Recently, it was showed through a combined analysis of the transcriptomes of C. gloeosporioides and tomato fruit pathosystem that during the quiescent stage, defense pathways were up-regulated including the phenypropanoid pathway for phytoalexin and lignin precursors such as cinnamic, cumarayl, coniferyl, caffeoyl, shikimic, quinic, and sinapyl derivatives (Alkan et al., 2015). The authors suggested that phytoalexin biosynthesis and lignification comprise a major ongoing fruit defense pathway employed by the fruit in response to the persistent presence of quiescent fungi. Such host responses may effectively restrain the pathogen. Indeed, the number of infection sites emerging from quiescence appears to be below the potential primary infection sites, indicating successful containment of the infection. In this study, genes involved in the synthesis of sesquiterpenoids (e.g., rishitin) were also down-regulated together with the up-regulation of key steroid glycoalkaloid (e.g., tomatine) transcripts. Previously, α-tomatine was shown to inhibit Colletotrichum fungal growth and germination (Itkin et al., 2011). Hence, transcript expression suggests the occurrence of shifts from rishitin to α -tomatine biosynthetic pathway as an effective response to this fungus. All of those antifungal compounds decline in ripe fruits, which may permit emergence of fungi from quiescence (Prusky, 1996).

Conclusion

During ripening, fruit undergo major changes such as activation of ethylene synthesis and other phytohormones, pH change, cuticular changes, cell-wall loosening and increase of soluble sugars, decline of antifungal compounds (Figure 2), which release the fungus from its quiescent state and promote a necrotrophic and pathogenic life style. Knowledge on the molecular and metabolic events responsible for the onset of necrotrophic stage, occurring both in the host and in fungi, is important key in order to develop strategies to enhance fruit defense and decrease of fungal virulence that ultimately will result in increased quality of fruits. This knowledge can be considered in breeding programs, pre and post-harvest treatments or alternatively provide a framework for biotechnological approaches.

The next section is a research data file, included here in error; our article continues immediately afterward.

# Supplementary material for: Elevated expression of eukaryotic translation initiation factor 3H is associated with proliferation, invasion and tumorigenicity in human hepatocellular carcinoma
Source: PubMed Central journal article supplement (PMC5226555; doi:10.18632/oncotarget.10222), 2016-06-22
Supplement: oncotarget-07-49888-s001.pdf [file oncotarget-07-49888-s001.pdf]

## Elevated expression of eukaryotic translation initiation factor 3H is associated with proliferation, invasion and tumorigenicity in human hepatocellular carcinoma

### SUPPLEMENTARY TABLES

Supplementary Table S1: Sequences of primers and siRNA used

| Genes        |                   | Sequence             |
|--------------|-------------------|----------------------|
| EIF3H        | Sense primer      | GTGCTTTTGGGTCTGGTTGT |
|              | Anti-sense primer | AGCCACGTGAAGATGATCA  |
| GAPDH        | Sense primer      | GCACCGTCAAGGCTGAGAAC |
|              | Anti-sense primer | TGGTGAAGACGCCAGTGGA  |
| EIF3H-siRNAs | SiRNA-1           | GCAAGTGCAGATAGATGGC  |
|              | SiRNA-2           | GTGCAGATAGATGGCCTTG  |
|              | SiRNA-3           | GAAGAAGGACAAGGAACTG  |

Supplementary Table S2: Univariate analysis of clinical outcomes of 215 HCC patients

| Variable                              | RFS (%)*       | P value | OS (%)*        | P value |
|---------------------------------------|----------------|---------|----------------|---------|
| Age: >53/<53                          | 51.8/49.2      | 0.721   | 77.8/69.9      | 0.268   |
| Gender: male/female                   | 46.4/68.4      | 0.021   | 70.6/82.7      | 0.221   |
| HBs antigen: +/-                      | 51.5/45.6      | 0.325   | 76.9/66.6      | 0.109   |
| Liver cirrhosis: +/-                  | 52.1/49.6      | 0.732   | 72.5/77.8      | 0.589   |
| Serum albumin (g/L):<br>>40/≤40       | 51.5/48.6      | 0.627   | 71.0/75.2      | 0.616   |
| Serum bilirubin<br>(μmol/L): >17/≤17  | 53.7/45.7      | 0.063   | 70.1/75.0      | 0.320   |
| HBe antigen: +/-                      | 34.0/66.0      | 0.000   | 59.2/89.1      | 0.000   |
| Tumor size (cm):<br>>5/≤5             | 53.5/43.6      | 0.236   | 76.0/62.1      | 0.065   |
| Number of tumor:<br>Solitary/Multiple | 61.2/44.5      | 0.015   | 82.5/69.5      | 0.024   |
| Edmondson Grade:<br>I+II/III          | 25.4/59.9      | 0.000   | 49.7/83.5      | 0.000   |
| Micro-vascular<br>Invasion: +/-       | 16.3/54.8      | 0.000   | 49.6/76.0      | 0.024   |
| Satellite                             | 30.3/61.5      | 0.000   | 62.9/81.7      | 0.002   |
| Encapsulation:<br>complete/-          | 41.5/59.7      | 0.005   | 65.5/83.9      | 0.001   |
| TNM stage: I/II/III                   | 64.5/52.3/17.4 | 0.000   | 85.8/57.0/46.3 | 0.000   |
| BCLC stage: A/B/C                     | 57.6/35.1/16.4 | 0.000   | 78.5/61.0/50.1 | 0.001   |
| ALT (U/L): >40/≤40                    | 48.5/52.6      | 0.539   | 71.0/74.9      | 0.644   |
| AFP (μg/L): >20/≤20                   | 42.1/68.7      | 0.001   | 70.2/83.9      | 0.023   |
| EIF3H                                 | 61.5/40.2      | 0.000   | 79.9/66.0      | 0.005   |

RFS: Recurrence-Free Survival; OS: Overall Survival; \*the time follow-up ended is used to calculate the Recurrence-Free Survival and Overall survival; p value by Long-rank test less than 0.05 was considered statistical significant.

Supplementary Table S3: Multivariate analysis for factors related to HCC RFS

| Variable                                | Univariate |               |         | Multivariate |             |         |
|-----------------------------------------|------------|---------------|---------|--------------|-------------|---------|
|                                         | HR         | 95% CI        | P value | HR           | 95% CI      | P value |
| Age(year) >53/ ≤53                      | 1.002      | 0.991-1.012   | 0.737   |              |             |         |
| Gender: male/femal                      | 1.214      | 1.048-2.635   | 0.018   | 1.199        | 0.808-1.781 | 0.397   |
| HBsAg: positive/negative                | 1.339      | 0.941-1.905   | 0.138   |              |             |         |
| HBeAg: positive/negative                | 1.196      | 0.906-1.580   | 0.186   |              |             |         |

Conflict of Interest Statement

The authors declare that the research was conducted in the absence of any commercial or financial relationships that could be construed as a potential conflict of interest.

Acknowledgments

We thank Professor Robert Fluhr for his critical comments on the manuscript. This manuscript is contribution no. 728/14 from the Agricultural Research Organization, the Volcani Center, P.O. Box 6, Bet Dagan 50250, Israel. This work was developed within BioFig (PEst-OE/BIA/UI4046/2014) and funded by Portuguese FCT (SFRH/BPD/100928/2014). The review is integrated in the COST (European Cooperation in Science and Technology) Action FA1106 ‘Quality fruit.’

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Keywords: post-harvest, ripening, plant response, phytohormones, cuticle, softening, phytoalexin, quiescent

Citation: Alkan N and Fortes AM (2015) Insights into molecular and metabolic events associated with fruit response to post-harvest fungal pathogens. Front. Plant Sci. 6:889. doi: 10.3389/fpls.2015.00889

Received: 15 July 2015; Accepted: 07 October 2015;
Published: 20 October 2015.

Edited by:

Zuhua He, Shanghai Institutes for Biological Sciences – Chinese Academy of Sciences, China

Reviewed by:

Wei-Hua Tang, Shanghai Institute of Plant Physiology and Ecology – Chinese Academy of Sciences, China
Vasileios Fotopoulos, Cyprus University of Technology, Cyprus

Copyright © 2015 Alkan and Fortes This is an open-access article distributed under the terms of the Creative Commons Attribution License (CC BY). The use, distribution or reproduction in other forums is permitted, provided the original author(s) or licensor are credited and that the original publication in this journal is cited, in accordance with accepted academic practice. No use, distribution or reproduction is permitted which does not comply with these terms.

*Correspondence: Noam Alkan, noamal@volcani.agri.gov.il